Thursday, August 02, 2007, 07:55 am PT (10:55 am ET)
Apple developing configurable multi-touch gesture dictionaryIn an apparent bid to extend the use of its multi-touch technology to devices other than iPhone, Apple in a new patent filing discusses the concept of a software-based multi-touch gesture dictionary that would let users to assign custom multi-touch finger movements to computer actions.
"Many expect that the use of multi-finger, touch-sensitive user interfaces will become widely adopted for interacting with computers and other electronic devices, allowing computer input to become even more straightforward and intuitive," Apple wrote in the January 3, 2007 filing.
"Users of these multi-touch interfaces may make use of hand and finger gestures to interact with their computers in ways that a conventional mouse and keyboard cannot easily achieve. A multi-touch gesture can be as simple as using one or two fingers to trace out a particular trajectory or pattern, or as intricate as using all the fingers of both hands in a complex sequence of movements reminiscent of American Sign Language."
The Cupertino-based electronics maker further explains that each motion of the hands and fingers, whether complex or not, would convey a specific meaning or action that is acted upon by the computer or electronic device at the behest of the user:
"The number of multi-touch gestures can be quite large because of the wide range of possible motions by fingers and hands. It is conceivable that an entirely new gesture language might evolve that would allow users to convey complex meaning and commands to computers and electronic devices by moving their hands and fingers in particular patterns."
To manage the new language, Apple's patent proposal calls for a "dictionary of multi-touch gestures" that is interactively presented to a user of a computer system having a multi-touch user interface. In one embodiment, the company said the dictionary may take the form of a dedicated computer application that identifies a chord (e.g., a combination of fingers, thumbs, and/or other hand parts) presented to the multi-touch interface by the user and displays a dictionary entry for the identified chord.
A dictionary entry may include, for example, visual depictions of one or more motions that may be associated with the chord and meanings of the gestures including the identified chords and the various motions.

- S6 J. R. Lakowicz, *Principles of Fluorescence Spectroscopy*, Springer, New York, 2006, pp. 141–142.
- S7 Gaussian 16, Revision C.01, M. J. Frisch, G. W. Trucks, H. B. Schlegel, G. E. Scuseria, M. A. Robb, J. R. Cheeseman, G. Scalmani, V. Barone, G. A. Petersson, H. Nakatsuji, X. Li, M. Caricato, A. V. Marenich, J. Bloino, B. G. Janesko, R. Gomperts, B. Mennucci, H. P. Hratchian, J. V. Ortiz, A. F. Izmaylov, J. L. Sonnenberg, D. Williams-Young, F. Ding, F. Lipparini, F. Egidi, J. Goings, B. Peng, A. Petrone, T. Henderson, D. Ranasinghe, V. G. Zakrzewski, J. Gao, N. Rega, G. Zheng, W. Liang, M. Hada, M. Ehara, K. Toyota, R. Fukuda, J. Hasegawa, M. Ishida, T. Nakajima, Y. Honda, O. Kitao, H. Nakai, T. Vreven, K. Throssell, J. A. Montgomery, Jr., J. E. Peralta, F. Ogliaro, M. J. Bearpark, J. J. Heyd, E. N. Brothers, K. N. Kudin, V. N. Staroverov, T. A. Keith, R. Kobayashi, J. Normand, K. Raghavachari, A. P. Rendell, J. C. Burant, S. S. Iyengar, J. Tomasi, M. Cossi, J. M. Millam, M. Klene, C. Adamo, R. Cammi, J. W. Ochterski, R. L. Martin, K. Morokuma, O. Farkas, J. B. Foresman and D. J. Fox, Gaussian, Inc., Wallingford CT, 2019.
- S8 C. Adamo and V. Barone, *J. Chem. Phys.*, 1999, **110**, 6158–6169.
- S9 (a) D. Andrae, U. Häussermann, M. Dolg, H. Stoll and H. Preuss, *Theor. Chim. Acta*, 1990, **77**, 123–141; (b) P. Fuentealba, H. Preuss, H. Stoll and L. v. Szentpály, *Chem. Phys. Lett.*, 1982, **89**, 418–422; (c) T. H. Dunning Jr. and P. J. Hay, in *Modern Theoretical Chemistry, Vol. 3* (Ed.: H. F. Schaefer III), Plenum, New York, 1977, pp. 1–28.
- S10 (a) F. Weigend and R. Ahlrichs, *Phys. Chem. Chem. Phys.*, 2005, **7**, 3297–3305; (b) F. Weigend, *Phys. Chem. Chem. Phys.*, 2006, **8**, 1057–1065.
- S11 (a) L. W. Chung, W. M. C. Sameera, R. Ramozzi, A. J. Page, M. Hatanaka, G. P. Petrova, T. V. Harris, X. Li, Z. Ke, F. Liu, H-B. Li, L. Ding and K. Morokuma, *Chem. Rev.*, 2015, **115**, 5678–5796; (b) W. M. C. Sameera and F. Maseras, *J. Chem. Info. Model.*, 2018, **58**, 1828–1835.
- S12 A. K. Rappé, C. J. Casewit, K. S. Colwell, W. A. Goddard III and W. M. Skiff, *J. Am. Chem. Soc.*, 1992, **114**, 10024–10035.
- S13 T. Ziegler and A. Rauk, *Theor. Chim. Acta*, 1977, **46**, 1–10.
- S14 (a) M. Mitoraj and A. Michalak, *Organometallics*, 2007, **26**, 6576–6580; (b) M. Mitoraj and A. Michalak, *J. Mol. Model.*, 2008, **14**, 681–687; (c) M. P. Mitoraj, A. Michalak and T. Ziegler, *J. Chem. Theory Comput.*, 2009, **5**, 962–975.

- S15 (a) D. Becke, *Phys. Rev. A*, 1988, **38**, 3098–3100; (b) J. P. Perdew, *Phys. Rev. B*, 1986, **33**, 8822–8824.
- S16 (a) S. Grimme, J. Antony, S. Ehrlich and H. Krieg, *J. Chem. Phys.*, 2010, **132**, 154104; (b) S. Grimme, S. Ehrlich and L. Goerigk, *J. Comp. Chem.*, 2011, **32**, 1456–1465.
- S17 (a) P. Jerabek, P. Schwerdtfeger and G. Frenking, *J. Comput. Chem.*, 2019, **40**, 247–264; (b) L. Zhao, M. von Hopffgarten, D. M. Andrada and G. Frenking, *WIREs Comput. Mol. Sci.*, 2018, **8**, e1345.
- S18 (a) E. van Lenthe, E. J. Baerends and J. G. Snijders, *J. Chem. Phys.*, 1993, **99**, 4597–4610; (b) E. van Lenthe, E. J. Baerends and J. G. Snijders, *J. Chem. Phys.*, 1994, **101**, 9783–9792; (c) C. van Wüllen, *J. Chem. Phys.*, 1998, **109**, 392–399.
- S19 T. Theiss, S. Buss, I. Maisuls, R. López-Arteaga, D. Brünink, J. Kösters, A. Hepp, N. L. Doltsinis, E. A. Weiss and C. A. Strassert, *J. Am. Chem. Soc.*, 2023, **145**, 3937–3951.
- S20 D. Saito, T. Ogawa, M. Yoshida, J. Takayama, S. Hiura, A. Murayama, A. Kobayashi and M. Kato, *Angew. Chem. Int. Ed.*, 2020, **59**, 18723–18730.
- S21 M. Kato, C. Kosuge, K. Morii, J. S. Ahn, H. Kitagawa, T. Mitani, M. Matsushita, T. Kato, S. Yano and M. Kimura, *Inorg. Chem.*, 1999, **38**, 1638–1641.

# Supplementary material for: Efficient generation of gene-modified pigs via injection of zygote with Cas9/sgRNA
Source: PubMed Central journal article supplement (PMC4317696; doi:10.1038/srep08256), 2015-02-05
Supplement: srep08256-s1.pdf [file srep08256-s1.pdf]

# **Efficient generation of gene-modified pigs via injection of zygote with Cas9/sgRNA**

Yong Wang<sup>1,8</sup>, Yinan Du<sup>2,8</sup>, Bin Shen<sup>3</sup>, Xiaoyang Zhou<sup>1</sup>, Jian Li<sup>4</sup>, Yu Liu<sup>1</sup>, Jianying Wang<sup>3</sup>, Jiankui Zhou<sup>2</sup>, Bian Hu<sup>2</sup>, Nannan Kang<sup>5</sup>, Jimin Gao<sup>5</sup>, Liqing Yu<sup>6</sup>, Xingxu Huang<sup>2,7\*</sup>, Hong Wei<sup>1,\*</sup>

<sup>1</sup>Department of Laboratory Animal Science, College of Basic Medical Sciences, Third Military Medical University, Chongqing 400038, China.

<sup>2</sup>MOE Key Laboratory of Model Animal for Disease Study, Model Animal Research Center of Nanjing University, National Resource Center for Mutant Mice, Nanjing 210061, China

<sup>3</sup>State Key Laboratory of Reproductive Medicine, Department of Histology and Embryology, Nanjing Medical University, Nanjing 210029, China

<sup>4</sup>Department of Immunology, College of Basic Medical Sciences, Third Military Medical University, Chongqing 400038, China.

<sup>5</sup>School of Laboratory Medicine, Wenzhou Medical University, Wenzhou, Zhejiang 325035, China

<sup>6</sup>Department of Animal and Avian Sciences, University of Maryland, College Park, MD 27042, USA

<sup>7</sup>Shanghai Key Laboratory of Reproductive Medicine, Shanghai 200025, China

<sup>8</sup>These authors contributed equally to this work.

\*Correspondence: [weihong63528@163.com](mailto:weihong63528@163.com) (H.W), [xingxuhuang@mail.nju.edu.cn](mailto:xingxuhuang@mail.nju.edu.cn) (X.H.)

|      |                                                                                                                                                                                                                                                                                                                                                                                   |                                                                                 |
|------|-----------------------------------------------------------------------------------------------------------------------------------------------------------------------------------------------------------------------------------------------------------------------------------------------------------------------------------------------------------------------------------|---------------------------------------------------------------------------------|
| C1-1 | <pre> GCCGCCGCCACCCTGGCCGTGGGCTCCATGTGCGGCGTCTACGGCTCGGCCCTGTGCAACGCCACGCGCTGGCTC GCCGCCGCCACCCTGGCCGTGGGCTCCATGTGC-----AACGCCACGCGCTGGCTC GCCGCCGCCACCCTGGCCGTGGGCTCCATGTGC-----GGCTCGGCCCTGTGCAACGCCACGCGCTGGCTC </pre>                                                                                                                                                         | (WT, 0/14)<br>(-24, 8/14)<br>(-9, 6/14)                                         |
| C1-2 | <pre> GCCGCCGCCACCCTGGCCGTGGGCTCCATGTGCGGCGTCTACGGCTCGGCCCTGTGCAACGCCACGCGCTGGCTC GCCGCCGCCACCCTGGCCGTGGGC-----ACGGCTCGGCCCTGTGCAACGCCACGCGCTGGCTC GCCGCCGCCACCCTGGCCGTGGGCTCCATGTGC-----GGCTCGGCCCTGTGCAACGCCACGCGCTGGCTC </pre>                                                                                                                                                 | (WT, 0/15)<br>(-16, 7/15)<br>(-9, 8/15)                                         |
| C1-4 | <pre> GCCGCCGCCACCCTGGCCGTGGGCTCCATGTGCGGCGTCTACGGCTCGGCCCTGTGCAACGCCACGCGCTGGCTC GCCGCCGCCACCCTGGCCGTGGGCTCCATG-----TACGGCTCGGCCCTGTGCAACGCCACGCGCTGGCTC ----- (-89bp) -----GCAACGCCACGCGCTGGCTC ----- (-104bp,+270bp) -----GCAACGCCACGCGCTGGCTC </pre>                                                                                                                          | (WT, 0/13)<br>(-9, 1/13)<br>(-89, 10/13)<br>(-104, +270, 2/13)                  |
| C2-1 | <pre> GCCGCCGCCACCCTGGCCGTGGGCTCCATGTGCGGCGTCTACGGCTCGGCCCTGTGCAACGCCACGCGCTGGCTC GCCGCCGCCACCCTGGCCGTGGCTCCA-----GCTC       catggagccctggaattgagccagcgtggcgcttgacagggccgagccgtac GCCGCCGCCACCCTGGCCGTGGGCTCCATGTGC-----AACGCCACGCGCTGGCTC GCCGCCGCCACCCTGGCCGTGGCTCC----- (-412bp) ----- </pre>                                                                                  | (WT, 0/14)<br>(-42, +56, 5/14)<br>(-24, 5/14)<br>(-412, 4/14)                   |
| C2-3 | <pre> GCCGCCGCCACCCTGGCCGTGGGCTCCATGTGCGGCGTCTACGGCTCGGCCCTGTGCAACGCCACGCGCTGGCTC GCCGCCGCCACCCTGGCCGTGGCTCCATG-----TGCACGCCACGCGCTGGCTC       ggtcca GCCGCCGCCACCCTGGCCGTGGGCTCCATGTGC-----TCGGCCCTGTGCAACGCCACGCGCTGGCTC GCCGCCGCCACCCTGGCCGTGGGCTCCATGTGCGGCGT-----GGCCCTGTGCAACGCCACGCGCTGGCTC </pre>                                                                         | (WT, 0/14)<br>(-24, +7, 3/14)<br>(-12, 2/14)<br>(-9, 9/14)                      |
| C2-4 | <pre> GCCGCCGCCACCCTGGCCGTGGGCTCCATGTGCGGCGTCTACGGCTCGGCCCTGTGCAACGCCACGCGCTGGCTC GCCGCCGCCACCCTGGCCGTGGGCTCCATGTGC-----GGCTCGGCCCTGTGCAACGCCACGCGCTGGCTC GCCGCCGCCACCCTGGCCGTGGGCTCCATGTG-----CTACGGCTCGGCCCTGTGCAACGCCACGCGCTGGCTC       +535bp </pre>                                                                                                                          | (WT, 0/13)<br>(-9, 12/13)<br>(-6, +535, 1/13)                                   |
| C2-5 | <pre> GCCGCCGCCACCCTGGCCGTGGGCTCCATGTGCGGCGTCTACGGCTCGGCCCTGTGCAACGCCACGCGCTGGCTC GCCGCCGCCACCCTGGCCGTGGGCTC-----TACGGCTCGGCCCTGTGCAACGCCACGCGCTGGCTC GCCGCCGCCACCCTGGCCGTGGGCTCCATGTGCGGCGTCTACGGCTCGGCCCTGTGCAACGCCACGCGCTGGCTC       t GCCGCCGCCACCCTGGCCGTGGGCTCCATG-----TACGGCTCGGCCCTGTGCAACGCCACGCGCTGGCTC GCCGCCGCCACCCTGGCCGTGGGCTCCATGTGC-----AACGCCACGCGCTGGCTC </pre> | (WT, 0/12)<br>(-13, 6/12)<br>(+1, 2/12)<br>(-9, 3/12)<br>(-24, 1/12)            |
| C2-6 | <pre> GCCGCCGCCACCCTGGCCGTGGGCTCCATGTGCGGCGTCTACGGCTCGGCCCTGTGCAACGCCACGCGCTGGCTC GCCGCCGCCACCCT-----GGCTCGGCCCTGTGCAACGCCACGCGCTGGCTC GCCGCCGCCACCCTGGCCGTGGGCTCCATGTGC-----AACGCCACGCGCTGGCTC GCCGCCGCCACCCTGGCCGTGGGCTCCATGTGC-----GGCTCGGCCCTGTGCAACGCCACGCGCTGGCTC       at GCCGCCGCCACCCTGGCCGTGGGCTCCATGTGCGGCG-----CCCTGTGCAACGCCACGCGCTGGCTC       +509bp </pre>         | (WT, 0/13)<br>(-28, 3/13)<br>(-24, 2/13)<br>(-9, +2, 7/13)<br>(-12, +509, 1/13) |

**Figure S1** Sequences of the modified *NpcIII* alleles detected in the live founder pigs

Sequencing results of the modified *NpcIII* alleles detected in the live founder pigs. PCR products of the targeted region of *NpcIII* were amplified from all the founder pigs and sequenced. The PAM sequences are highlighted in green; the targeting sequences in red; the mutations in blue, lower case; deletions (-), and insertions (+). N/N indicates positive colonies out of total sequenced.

"The visual depictions may take the form of motion icons having a graphical depiction of the motion and a textual description of the meaning of the gesture," Apple wrote. "The visual depictions may also take the form of animations of the one or more motions. The application could also identify one or more motions of the chord by the user and provide visual and/or audible feedback to the user indicating the gesture formed and its meaning."
In another embodiment, Apple said a dictionary application can run in the background while other applications on the computer systems are used. In this scenario, if a user presents a chord associated with a gesture without a motion completing the gesture, the dictionary application can present a dictionary entry for the presented chords.
Apple explains: "As in other embodiments, the dictionary entry may include visual depictions of one or more motions and meanings of the gestures comprising the identified chord and the various motions. Also as in other embodiments, the visual depictions may take the form of motion icons or animations of the motions. A user guided by the dictionary entry may perform a motion completing a gesture, and the system may execute a meaning of the gesture and may also provide visual and/or audible feedback indicating the meaning of the gesture. "
In yet another approach to its dictionary concept, Apple discusses the concept of an interactive computer application that allows a user to assign meanings to multi-touch gestures is provided. The computer application may display a dictionary entry (like those described above, for example) and accept inputs from the user to assign a meaning to one or more of the gestures in the dictionary entry.
Apple further explained that the application could be used to assign meanings to gestures that do not have default meanings selected by a system designer or may be used to change the meanings of gestures that do have default meanings assigned by a system designer. The application, the company added, may also include program logic to selectively present only those motions that may be more easily performed in a form different from those motions that may be more difficult to perform. Alternatively, the more difficult motions may not be displayed at all.
Finally, Apple also explains that the gesture dictionary applications could be triggered by events other than presentation of a chord:
"These events may include hand parts hovering over a multi-touch surface, audible events (for example, voice commands), activation of one or more buttons on a device, or applying a force and/or touch to a force and/or touch sensitive portion of a device. These events may correspond to chords and invoke a dictionary entry corresponding to such a chord. Alternatively or additionally, these events may correspond to other groupings of gestures not based on chords, such as custom dictionary entries. In yet another variation, the event triggering a gesture dictionary application may not correspond to a gesture grouping at all. In these cases, a dictionary index may be invoked, allowing a user to select from a plurality of dictionary entries."
According to the filing — credited to Apple employees John Elias, Wayne Westerman, and Myra Haggerty — the multi-touch gesture dictionary concept could be deployed on a notebook computer, tablet computer, handheld computer, personal digital assistant, media player, mobile telephone, or other consumer electronics devices of similar nature.
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